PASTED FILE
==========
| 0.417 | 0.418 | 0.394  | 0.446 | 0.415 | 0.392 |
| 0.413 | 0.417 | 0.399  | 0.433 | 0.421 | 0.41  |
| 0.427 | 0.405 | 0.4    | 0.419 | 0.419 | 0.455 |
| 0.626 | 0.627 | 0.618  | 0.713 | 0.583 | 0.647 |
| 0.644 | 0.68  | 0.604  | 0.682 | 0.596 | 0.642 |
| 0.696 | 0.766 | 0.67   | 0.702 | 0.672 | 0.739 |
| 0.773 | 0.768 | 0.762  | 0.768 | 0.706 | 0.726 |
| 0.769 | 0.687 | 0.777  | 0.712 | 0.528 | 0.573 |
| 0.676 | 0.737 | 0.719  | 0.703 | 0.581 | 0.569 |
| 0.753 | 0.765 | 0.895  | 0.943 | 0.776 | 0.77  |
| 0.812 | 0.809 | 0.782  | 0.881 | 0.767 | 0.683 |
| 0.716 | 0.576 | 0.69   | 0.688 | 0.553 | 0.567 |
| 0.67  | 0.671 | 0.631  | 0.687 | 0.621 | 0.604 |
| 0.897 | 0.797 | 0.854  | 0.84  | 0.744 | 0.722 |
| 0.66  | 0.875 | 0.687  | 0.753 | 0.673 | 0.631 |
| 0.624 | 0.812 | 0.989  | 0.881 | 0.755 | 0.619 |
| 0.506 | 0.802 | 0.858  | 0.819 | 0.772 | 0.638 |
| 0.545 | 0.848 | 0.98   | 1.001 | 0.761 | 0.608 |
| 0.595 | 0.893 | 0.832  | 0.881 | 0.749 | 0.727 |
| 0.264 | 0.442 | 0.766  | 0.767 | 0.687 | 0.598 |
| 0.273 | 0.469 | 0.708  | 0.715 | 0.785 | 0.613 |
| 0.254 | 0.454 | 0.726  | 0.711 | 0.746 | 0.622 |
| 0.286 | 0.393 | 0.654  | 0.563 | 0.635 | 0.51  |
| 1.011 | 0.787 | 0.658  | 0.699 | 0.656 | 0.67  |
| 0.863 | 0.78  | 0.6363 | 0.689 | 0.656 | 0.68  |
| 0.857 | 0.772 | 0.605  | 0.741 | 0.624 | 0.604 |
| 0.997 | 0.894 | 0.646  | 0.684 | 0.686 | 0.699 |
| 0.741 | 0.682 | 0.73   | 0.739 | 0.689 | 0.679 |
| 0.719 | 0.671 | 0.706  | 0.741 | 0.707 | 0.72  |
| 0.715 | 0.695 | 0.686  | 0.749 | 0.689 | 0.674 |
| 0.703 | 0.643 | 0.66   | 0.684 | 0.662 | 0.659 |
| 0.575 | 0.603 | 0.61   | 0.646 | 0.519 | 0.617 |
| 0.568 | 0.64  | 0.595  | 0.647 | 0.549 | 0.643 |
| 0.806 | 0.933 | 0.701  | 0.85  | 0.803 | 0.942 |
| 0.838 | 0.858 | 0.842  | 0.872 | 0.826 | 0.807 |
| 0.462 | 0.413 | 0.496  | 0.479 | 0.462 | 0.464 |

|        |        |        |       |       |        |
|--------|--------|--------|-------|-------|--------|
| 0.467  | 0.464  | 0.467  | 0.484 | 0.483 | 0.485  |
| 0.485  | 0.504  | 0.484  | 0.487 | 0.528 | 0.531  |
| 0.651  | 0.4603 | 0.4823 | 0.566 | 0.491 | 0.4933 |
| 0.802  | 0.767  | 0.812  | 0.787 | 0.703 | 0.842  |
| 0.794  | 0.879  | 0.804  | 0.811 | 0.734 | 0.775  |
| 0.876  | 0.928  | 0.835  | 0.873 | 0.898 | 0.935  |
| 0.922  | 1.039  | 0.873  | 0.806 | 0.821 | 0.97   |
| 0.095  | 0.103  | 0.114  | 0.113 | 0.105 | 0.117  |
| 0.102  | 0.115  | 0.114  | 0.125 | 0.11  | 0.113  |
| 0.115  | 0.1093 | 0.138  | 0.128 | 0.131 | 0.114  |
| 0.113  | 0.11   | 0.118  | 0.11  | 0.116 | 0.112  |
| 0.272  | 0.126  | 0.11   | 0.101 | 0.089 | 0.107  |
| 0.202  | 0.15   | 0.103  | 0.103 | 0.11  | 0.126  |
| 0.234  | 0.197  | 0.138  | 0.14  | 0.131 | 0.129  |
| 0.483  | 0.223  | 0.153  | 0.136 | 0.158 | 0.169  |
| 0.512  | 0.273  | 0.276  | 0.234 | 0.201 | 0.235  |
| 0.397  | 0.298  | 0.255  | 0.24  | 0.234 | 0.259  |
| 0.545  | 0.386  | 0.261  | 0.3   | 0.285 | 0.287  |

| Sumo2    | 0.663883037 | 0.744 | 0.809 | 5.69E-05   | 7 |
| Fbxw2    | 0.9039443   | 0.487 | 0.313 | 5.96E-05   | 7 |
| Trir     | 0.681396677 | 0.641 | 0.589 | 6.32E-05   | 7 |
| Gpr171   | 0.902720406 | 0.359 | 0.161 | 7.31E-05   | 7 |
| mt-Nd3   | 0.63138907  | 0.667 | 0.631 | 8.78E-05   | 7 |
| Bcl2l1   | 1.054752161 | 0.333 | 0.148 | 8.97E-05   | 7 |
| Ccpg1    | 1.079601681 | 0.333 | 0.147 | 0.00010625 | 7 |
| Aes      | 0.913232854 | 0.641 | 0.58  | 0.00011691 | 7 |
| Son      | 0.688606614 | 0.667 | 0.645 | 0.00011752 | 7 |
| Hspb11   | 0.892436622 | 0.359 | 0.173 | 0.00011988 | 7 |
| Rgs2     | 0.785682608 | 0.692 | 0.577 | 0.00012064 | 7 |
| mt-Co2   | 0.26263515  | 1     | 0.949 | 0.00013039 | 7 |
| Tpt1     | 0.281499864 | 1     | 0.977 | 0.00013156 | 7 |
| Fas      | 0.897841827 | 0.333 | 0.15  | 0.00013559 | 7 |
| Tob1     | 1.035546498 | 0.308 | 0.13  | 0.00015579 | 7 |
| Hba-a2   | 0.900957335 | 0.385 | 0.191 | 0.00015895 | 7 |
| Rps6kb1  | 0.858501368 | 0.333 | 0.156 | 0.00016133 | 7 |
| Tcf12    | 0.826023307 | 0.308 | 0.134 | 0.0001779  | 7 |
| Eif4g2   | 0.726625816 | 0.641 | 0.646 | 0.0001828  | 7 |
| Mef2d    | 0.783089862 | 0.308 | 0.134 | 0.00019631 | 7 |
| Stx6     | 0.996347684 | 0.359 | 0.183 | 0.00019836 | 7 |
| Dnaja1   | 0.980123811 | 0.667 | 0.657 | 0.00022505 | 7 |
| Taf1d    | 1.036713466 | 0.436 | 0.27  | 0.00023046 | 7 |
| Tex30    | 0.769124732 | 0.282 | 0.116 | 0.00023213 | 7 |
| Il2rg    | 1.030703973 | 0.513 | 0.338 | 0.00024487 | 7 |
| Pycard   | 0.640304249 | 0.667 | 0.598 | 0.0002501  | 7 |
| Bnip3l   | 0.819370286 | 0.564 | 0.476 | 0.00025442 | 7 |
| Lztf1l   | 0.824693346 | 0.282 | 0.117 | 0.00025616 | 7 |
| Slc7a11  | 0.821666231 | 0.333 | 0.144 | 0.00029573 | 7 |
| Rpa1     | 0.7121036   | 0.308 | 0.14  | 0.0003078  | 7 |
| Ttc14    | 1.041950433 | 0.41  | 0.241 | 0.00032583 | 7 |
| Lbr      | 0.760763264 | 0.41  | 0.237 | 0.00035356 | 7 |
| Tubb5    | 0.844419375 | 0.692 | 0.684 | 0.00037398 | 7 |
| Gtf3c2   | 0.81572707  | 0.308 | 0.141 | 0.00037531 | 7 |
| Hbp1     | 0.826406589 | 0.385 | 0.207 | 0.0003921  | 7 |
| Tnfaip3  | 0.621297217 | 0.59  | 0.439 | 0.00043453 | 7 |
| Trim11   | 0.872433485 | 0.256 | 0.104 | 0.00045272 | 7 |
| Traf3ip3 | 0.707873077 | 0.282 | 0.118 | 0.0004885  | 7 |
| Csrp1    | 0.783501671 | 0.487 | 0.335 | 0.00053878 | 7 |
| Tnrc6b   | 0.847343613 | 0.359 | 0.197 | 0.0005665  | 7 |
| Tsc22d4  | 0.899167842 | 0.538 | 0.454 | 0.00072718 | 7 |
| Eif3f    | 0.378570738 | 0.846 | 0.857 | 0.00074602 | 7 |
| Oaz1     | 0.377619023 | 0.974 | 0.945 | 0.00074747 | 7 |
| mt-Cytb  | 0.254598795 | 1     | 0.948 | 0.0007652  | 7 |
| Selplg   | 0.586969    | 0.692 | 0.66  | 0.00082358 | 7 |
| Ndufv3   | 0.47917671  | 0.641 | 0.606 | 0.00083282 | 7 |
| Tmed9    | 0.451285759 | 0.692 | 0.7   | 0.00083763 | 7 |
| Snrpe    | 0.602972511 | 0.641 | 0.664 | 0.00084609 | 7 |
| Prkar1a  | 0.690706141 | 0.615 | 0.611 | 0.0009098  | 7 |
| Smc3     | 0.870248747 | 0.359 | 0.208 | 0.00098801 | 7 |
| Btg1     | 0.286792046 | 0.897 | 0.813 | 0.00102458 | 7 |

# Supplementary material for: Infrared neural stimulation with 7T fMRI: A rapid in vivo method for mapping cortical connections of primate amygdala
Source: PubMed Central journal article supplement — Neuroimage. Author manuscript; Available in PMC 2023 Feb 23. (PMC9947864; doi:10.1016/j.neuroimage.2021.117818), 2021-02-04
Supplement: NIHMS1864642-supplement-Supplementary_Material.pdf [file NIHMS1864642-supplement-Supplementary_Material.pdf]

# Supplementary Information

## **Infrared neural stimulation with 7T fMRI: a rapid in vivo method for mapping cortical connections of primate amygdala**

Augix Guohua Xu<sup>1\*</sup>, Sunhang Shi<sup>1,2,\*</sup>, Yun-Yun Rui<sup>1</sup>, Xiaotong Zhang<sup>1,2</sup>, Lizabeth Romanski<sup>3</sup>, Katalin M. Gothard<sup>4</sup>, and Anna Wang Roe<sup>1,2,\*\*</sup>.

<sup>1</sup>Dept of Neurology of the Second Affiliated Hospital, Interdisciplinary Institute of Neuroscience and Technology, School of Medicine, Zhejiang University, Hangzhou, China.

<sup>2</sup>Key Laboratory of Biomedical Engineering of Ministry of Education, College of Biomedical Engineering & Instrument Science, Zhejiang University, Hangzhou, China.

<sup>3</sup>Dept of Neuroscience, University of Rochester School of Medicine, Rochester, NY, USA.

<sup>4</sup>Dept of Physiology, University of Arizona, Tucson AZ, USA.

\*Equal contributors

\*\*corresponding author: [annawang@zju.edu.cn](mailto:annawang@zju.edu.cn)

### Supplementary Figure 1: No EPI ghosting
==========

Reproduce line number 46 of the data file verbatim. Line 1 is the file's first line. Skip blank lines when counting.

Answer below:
| 0.095  | 0.103  | 0.114  | 0.113 | 0.105 | 0.117  |